A chance to comment on proposed changes to Washington’s spring bear hunting season will close Oct. 21.
After that, the Washington Department of Fish and Wildlife Commission will review a WDFW staff report and hear public testimony on the proposed hunting season at its Oct. 22 and 23 commission meeting before voting on whether to reapprove a hunting season that has occurred since 2002.
The season has been criticized by some for being immoral, as bears tend to be lethargic and underfed when they emerge from their winter dens.
Others have raised concerns about cubs being orphaned, although research out of Canada indicates this rarely happens.
“Spring bear seasons are very controversial,” said Marie Neumiller, the executive director of the Inland Northwest Wildlife Council.
“The biggest fear around spring bear season is the orphaning of cubs, that’s a very emotional argument. Even as a hunter, my worse fear would be to take a sow. Especially in a spring season.”
Because bears are moving more slowly in the spring, Neumiller said it’s easier to identify whether a sow has cubs or not. The council supports the bear season, although some of the Spokane-based organization’s members would prefer to see an over-the-counter tag instead of a permit system.
“I personally like the permit because it gives them more control over population numbers,” she said. “It’s a more fine-tuned tool.”
The hunt has long been used to reduce bear numbers in “areas where WDFW have observed ongoing human-bear conflicts, low fall harvest results, commercial timber damage, or concerns for ungulate species recruitment,” according to an agency statement.
In the spring, black bears will eat just about anything, including fawns too young to flee. Per proposed rule for the 2022 spring season, WDFW would provide roughly 664 spring bear permits. WDFW staff estimate hunters would kill 145 black bears.
The hunt remains controversial. In recent weeks, the Humane Society of the United States has urged its members and supporters to oppose the continuation of the spring bear hunt, noting the concerns about orphaned cubs and calling the hunt “exceptionally cruel.”
“Allowing hunters to kill black bears who have just recently emerged from their winter hibernation is a practice that most Washingtonians find abhorrent,” Dan Paul, Washington state director for the Humane Society of the United States, said in a news release. “These bears are desperately hungry, many are mothers with newborn cubs, and now is the time for our Fish & Wildlife Commission to eliminate this hunt for good.”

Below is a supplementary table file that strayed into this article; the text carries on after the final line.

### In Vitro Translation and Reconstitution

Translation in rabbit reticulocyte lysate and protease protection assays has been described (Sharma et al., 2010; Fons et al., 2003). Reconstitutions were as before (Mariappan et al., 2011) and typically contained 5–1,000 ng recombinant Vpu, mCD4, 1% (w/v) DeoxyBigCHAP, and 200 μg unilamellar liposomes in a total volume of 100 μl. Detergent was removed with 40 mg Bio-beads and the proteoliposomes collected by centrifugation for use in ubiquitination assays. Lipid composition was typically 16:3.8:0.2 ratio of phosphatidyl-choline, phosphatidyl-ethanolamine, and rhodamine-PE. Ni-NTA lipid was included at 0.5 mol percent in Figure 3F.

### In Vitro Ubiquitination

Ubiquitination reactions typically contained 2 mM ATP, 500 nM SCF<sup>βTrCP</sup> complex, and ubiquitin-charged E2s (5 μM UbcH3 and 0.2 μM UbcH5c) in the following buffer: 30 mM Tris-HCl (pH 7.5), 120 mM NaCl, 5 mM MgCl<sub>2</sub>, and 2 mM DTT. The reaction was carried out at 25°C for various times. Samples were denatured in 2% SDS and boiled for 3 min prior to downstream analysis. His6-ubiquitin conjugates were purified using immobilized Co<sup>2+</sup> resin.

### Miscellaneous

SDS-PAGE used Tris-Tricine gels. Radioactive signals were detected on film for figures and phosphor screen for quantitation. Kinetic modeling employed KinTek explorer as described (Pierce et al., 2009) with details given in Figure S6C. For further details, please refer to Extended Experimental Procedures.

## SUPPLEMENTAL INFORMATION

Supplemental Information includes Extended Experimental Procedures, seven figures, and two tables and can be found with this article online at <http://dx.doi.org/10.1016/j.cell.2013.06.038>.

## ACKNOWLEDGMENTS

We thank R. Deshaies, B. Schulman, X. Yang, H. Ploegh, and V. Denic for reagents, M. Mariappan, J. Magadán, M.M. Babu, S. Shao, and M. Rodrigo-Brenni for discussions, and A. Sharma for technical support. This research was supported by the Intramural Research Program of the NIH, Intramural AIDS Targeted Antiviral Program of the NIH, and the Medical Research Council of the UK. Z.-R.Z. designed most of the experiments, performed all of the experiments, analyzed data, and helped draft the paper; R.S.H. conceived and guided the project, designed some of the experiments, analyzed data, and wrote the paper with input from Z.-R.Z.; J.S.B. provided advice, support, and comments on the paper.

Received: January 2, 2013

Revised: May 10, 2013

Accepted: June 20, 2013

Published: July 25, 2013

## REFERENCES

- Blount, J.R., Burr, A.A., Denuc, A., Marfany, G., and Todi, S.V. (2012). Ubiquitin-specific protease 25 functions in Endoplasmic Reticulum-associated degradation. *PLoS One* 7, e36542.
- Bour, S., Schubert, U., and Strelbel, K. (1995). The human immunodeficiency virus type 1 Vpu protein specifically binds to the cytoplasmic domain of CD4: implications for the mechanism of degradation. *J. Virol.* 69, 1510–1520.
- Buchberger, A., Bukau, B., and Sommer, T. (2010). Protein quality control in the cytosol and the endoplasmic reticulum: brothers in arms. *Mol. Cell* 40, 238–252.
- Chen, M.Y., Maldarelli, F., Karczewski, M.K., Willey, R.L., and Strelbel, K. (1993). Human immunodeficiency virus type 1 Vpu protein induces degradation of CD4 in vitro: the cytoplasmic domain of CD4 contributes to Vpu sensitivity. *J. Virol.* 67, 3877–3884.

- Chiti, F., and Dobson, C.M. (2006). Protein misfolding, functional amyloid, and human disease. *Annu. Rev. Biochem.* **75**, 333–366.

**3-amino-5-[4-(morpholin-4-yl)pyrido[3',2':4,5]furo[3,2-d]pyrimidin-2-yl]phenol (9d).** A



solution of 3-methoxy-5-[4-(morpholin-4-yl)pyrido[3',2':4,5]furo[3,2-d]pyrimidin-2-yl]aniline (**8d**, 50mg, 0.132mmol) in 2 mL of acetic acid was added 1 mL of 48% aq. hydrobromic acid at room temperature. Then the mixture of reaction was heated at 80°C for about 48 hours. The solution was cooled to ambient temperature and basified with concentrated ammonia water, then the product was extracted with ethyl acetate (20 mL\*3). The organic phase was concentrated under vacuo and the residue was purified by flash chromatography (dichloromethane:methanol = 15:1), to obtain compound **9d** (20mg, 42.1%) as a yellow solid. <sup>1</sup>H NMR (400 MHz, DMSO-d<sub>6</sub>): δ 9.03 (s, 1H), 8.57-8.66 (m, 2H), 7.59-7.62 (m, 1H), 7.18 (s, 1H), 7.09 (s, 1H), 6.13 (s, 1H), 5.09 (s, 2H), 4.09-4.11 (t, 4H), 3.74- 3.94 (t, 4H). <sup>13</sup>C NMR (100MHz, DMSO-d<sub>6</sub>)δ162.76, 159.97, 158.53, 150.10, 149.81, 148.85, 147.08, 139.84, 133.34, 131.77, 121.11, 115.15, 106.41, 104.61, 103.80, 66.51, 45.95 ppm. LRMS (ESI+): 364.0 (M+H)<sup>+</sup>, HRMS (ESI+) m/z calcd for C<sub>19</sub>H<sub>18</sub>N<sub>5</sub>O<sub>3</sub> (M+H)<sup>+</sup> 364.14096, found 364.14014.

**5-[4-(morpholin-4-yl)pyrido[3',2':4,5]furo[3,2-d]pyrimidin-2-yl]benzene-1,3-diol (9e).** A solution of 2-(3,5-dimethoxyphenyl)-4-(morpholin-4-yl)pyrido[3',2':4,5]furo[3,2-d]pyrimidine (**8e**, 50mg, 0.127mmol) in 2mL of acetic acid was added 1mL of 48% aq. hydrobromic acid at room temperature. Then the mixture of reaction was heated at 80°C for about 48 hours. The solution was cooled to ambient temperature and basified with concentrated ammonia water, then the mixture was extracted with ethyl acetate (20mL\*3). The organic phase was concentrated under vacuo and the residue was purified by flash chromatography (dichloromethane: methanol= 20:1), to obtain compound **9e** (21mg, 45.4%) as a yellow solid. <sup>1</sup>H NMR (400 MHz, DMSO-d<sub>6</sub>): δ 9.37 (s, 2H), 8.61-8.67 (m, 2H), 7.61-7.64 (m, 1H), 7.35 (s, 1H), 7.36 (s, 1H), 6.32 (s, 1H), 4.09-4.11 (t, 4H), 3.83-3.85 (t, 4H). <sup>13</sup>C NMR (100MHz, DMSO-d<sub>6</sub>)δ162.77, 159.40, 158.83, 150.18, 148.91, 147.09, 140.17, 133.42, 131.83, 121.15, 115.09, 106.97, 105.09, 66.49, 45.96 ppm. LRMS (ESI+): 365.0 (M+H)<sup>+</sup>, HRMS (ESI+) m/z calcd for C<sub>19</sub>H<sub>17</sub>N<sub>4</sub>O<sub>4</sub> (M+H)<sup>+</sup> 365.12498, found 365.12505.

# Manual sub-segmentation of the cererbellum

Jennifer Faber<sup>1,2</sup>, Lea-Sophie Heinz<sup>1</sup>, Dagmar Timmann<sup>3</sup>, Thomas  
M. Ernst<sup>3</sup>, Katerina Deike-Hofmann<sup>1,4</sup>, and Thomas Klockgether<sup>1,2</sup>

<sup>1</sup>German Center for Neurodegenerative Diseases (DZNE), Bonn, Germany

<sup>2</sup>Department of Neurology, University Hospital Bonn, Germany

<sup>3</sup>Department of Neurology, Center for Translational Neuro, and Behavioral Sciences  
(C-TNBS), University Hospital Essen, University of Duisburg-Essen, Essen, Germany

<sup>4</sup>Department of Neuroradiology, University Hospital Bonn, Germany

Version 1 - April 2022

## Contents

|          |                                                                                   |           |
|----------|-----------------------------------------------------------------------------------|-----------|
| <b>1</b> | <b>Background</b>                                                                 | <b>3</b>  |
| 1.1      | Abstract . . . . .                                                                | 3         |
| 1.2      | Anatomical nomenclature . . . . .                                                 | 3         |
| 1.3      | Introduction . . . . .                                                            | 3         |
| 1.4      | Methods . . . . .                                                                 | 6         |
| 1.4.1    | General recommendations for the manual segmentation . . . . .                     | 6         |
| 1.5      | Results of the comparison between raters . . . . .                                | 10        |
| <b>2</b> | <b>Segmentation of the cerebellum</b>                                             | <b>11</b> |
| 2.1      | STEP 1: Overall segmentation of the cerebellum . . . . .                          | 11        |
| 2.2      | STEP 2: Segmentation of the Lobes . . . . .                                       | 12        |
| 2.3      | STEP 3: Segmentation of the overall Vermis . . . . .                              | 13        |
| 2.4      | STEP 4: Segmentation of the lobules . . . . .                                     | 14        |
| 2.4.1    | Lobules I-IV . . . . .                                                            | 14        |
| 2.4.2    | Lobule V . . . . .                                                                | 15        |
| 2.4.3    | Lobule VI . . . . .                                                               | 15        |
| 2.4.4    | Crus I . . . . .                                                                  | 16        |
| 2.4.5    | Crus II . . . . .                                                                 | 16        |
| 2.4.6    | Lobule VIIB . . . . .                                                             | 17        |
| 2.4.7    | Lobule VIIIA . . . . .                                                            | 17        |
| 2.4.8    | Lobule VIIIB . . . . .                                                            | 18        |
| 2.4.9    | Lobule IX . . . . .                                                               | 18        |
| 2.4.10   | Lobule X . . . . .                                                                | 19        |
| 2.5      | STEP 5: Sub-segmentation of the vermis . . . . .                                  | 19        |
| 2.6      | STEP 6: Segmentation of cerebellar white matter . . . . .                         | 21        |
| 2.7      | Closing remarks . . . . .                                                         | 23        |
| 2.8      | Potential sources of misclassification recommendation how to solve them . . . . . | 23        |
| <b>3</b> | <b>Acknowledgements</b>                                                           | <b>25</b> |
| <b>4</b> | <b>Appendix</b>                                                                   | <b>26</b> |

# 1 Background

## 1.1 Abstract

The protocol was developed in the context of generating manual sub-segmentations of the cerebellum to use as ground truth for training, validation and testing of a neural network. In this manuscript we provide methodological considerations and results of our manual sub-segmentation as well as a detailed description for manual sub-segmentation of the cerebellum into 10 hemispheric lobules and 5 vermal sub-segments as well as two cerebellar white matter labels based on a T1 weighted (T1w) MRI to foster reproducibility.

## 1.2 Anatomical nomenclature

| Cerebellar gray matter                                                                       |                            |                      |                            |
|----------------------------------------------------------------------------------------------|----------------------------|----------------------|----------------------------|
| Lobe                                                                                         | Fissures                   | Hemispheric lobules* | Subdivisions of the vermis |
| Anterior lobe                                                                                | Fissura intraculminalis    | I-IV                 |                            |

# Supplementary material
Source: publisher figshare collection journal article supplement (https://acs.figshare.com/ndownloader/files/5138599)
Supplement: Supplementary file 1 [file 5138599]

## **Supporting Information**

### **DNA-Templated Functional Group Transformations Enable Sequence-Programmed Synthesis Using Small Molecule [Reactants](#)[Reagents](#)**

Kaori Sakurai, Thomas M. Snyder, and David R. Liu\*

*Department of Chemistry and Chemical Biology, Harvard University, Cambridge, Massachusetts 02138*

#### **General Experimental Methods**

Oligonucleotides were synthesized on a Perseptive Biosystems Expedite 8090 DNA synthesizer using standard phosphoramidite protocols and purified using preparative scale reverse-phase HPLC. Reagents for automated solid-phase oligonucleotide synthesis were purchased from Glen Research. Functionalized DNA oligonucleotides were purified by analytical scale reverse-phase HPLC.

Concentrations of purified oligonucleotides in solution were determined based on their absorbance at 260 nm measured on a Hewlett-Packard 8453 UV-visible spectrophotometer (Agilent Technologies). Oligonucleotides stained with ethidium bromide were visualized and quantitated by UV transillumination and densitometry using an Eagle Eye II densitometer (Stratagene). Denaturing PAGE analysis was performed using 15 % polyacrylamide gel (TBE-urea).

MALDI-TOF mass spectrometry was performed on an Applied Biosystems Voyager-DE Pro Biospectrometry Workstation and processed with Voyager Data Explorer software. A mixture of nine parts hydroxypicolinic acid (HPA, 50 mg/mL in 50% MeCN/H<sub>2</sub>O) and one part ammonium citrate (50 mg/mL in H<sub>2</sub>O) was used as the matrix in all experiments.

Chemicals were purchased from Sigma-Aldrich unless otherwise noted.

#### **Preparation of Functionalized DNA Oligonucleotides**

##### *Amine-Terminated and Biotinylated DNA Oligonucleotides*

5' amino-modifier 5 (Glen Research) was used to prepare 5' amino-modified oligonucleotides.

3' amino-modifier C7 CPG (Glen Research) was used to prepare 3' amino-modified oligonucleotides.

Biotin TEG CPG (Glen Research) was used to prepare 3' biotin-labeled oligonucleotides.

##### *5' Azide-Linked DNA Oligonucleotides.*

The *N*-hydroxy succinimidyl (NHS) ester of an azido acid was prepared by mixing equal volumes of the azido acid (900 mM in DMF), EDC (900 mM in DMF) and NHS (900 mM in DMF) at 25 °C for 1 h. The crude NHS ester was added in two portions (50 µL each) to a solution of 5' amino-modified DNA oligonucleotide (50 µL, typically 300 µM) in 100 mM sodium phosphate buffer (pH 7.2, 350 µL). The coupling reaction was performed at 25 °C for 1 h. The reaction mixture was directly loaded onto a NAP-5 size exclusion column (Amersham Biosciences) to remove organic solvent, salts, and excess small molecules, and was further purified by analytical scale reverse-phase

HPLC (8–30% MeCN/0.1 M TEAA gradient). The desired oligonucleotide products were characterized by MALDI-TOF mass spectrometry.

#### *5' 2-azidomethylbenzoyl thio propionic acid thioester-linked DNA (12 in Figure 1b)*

In his statement. Paul references a 2019 study finding the majority of people in Western states oppose spring bear hunts. Washington is one of eight Western states to have a spring bear season and has had the special-permit hunt since 2002. Tags peaked at 814 in 2017 and since have declined, according to the Northwest Sportsman Magazine.
In 2020, a lawsuit was filed attempting to block the 2021 season alleging that WDFW didn’t “properly notify the public that it was considering approval of the spring bear hunt.” In April, a judge denied the petition to block the 2021 season, although commissioners said they would “continue discussion of the broader topic in the future.”
A new Washington nonprofit aimed at reforming the fish and wildlife department – Washington’s Wildlife First – is asking WDFW to postpone the commission hearing and vote.
“As an organization, we are asking the commissioners to delay the hearing and the vote until the department can provide adequate information about the rationale for holding this hunt,” said David Linn, the interim executive director. “The department is asking people to comment on the proposal without providing them with any information.”
Local journalism is essential.
Give directly to The Spokesman-Review's Northwest Passages community forums series -- which helps to offset the costs of several reporter and editor positions at the newspaper -- by using the easy options below. Gifts processed in this system are not tax deductible, but are predominately used to help meet the local financial requirements needed to receive national matching-grant funds.
Subscribe to the sports newsletter
Get the day’s top sports headlines and breaking news delivered to your inbox by subscribing here.